Picture credit: as indicated
Google Wonder Wheel (see below)
Whilst Google is obviously the dominant search engine, it’s sometimes useful to complement it’s results with other engines as additional leads and ideas can be revealed that way. Personally I often do this when I’m doing some overview research on a new idea or approach. In practice I’ve found that interesting new suggestions crop up more quickly this way.
Interesting ones you might like to investigate include:
Bing (from Microsoft) – especially nice for images (it has ‘infinite scroll’).
‘While other search engines offer only one type of search at a time, Nibbo will show a preview of multiple search types in an unobstrusive way, and provide information like the number of results that are to be expected for the different engines. The type and order of those previews is completely configurable, as well as the default search settings’
‘The next generation of web search technology won’t be about keyword search. Google already does this well, and any improvement will likely be incremental. Rather, the future lies in providing you what you aren’t finding through keywords–sites you currently find through friends, colleagues, blogs, or simply by chance. We call this “discovery” rather than “search” because the goal is to introduce you to new and interesting information rather than to give you just what you searched for’
‘Real-time search engine. We aggregate and organize content being shared on the internet as it happens, like eye-witness reports of breaking news, photos and videos from big events, and links to the hottest memes of the day’
In a rather different category is Wolfram Alpha. This is a so-called computational knowledge search engine. This works best for queries that involve a date, place or calculation eg the query ‘London to Paris’ generates the distance, flight time, current local times, both populations and a map.
Further options for getting a different feel for results from Google can be found under ‘Show options’ at the top of the search results list. These include:
- Restrict results to discussion forums or reviews
- View just the most recent results
- View a chart of results in time order
- Wonder wheel – visualisation of results much like a mind map (see picture above); clicking on a node generates detailed sub-results
Another alternative that has been around for a while now is Grokker, which offers outline and map views (picture below).
There’s also an interesting article on how the presentation of the results can be an important factor, with Google coming out on top (again), mainly through familiarity and relevance rather than layout and design (study sample size was small though).
The web is full of principles for this and that, but here are some good ones on innovation (original posts and explanatory details here, see rhs):
- Experience the world instead of talking about experiencing the world
- See and hear with the mind of a child
- Always ask: “How do we want people to feel after they experience this?”
- Prototype as if you are right. Listen as if you are wrong
- Anything can be prototyped. You can prototype with anything
- Live life at the intersection
- Develop a taste for the many flavors of innovation
- Most new ideas aren’t
- Killing good ideas is a good idea
- Baby steps often lead to big leaps
- Everyone needs time to innovate
- Instead of managing, try cultivating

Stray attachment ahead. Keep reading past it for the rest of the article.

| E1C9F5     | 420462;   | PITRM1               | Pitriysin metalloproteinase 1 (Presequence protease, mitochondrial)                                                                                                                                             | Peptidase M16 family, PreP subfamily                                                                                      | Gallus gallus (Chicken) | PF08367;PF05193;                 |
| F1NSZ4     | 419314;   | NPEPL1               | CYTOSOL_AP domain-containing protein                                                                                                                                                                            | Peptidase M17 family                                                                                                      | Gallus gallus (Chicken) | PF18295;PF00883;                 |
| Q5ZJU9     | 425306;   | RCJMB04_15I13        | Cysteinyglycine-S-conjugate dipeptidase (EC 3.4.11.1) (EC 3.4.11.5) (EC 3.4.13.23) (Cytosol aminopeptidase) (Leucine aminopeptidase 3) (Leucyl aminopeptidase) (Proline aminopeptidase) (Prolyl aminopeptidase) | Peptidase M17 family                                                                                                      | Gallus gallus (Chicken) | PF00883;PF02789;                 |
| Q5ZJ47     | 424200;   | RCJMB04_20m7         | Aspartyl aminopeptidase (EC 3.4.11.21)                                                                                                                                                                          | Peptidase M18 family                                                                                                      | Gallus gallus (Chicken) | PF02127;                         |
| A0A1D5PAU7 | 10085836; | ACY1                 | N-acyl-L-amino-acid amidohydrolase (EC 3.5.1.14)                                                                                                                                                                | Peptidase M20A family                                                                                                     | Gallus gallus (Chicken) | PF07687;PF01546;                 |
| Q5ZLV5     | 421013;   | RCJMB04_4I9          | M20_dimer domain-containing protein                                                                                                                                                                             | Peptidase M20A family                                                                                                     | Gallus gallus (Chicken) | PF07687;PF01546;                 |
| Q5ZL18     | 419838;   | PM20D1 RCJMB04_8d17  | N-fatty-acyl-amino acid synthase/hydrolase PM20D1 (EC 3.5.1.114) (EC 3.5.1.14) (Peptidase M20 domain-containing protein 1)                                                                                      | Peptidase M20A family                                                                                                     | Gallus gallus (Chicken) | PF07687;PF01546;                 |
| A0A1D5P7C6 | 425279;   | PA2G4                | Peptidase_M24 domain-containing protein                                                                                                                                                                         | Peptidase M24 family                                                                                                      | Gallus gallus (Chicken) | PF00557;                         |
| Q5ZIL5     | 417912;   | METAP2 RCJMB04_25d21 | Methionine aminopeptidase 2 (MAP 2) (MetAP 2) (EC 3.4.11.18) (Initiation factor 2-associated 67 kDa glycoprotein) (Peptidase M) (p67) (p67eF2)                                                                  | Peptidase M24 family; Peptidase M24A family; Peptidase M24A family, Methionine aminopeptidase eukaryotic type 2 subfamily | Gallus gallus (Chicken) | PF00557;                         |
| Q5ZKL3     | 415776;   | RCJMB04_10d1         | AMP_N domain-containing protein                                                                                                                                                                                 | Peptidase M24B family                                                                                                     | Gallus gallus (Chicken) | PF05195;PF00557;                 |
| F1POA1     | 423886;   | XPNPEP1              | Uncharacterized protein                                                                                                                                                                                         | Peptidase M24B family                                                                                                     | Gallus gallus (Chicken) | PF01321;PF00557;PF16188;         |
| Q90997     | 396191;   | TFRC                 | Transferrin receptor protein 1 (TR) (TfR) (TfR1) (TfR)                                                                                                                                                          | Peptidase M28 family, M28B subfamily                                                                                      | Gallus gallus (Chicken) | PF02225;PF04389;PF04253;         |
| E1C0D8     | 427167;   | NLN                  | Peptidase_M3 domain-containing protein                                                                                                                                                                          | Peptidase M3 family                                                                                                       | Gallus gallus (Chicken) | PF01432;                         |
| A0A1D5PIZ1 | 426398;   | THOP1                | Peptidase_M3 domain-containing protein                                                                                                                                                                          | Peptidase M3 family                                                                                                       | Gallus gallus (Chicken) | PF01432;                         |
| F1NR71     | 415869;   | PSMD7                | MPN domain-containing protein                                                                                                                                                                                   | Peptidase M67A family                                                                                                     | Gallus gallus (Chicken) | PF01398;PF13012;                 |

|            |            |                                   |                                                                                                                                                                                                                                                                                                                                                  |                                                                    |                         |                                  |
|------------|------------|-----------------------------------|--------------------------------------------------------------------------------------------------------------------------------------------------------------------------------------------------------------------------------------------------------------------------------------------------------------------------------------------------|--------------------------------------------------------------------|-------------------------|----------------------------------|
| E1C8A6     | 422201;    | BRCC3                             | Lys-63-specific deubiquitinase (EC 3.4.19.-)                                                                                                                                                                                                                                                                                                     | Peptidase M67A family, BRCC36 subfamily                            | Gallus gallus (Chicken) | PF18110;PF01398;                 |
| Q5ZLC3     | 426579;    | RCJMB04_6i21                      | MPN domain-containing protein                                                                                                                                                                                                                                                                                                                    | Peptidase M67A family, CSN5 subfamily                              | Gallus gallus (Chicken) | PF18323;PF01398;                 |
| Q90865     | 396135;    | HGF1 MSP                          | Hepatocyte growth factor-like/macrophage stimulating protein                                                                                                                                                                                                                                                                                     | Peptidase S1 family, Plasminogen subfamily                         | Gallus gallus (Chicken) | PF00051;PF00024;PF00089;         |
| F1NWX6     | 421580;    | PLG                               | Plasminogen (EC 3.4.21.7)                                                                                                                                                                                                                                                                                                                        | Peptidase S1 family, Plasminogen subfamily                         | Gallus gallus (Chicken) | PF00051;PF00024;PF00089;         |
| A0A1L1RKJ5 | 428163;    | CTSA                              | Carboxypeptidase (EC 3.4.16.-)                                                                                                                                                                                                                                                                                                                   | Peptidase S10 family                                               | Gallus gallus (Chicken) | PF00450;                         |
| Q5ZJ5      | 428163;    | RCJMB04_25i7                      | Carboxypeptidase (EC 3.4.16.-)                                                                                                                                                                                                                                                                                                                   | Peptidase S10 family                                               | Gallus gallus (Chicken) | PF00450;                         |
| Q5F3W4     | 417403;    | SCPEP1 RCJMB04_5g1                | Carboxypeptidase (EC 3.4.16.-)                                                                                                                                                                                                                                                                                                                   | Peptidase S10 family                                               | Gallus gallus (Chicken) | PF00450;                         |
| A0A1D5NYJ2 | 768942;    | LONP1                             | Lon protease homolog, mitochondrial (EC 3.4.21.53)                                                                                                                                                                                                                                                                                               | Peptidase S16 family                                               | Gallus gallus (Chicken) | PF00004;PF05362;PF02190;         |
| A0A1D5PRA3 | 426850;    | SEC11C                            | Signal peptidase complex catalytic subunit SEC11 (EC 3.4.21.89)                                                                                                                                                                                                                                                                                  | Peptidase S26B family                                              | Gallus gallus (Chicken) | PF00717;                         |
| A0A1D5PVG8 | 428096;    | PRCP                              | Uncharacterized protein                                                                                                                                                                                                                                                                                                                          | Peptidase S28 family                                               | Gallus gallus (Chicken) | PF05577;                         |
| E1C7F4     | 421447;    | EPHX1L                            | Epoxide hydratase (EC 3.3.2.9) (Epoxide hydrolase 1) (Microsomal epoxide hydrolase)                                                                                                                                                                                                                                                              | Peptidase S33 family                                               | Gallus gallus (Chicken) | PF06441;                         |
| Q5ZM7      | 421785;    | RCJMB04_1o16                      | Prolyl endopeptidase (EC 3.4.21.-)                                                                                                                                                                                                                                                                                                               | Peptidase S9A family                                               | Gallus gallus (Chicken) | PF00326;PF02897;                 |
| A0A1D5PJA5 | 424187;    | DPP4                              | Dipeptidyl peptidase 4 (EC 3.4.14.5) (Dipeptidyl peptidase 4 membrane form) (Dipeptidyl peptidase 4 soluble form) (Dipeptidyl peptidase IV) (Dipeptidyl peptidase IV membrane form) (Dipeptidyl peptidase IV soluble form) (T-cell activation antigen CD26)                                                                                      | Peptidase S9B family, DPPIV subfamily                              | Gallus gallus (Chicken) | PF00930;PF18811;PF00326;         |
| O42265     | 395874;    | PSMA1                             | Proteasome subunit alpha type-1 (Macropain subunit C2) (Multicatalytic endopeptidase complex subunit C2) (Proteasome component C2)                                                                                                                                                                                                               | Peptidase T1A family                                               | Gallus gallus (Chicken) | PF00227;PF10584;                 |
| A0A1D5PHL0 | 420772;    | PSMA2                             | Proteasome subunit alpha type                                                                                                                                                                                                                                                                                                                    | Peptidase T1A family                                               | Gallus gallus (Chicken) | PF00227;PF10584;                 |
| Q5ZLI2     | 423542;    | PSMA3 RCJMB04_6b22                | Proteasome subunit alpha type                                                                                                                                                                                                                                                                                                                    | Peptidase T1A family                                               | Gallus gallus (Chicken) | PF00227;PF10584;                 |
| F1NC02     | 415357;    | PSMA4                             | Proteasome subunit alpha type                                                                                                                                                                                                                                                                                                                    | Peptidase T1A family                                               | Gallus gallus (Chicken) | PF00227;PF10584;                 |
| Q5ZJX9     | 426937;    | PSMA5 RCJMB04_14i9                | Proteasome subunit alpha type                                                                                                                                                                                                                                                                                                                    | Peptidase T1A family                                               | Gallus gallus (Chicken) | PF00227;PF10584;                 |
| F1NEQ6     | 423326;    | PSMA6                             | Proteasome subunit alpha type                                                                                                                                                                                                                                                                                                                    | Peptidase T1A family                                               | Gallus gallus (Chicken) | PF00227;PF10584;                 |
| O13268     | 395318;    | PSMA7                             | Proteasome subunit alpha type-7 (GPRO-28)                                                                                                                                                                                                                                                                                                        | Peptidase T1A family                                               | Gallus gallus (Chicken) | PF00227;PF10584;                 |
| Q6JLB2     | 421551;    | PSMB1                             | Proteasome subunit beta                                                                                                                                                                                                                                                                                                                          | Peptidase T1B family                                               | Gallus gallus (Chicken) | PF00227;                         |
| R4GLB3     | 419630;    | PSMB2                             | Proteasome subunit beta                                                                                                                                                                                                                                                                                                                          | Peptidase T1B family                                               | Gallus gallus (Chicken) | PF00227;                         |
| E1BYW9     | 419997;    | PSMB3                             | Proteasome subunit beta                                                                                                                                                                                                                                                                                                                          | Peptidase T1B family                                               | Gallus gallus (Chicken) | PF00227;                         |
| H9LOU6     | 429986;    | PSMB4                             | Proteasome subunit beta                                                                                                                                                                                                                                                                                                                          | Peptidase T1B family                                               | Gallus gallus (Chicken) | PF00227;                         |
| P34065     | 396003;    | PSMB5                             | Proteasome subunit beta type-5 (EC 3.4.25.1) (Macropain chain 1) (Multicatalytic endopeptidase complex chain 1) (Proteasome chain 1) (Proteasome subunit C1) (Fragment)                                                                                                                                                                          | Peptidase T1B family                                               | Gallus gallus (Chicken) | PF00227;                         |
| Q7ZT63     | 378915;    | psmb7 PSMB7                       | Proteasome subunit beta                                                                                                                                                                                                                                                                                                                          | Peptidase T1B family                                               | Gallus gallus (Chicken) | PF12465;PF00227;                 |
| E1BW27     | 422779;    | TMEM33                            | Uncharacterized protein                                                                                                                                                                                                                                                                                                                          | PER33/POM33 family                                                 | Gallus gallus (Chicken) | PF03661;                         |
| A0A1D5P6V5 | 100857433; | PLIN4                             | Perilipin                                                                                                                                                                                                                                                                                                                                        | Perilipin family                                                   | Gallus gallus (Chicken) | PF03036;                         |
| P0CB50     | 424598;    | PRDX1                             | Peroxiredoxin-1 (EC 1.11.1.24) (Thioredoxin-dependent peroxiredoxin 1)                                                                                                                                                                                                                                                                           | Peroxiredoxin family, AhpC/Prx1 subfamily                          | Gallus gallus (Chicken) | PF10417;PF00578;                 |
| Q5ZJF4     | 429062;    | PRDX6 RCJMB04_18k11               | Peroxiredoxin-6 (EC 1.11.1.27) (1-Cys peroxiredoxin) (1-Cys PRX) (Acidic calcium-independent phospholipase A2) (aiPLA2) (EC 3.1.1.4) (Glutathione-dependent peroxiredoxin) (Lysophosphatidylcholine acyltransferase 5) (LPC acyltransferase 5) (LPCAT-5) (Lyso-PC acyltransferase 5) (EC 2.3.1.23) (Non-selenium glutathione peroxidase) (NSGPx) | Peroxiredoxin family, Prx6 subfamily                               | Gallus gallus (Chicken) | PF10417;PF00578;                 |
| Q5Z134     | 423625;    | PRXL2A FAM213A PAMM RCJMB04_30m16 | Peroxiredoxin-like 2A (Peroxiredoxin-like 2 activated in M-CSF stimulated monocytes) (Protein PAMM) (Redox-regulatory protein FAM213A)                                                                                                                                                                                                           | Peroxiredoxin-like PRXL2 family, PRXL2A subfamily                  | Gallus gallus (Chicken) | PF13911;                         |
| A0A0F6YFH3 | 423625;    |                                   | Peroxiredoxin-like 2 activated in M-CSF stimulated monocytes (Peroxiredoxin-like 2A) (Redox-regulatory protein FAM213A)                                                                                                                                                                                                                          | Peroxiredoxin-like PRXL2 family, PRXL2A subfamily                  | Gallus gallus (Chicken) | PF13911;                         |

- Do everything right, and you’ll still fail
- Failure sucks, but instructs
- Celebrate errors of commission. Stamp out errors of omission
- Grok the gestalt of teams
Photo credit here.
I’m familiar with the use of chaos and complexity theory in the physical sciences but less familiar with their use as a fresh way of thinking about the social sciences (eg see here).
In this context, I came across the poster above on wikipedia which gives a helpful overview of developments. It originates from Bruce Castellani of Kent State University and his blog and web site give further details of this interesting approach.
All the key ideas are there (systems theory, emergence, genetic algorithms, e- and web-science etc) as well as their inter-connections.
From the BBC:
The impact of the teaching funding cuts will be compounded by this week’s announcement that universities in England can recruit another 10,000 students this year – but will not be given any funding for teaching them.
These are for full-time undergraduate student places for 2009-10, in courses which the government says will equip young people with the skills they need for the jobs of the future.
It says this means sectors such as digital industries, the low carbon economy and advanced manufacturing and business services.
Priority course areas are:
* Biological and related health sciences (excluding psychology, sports science and those that are primarily practice-based)
* Physical sciences (excluding geography)
* Mathematical and computer science
* Business studies
Interesting and quirky Norwegian film on BBC2 late this Saturday night – I’ve seen it before but it warrants another look (if you like that sort of thing!).
Norwegian director Jens Lien’s debut, The Bothersome Man, is a surreal, idiosyncratic black comedy. Forty-year-old Andreas (Trond Fausa Aurvag) steps off a bus into a strange city, with no memory of how he arrived. Soon, he’s got a job, a flat, and a girlfriend. But, strangely, the new world that he inhabits is devoid of emotion, or laughter. Even the food tastes of nothing. This is a stylish, subtle, and funny satire on the dehumanising effects of our consumer society.
In Norwegian with English subtitles. The Bothersome Man (Den Brysomme Mannen) was released in UK cinemas in May 2007.
Full review here.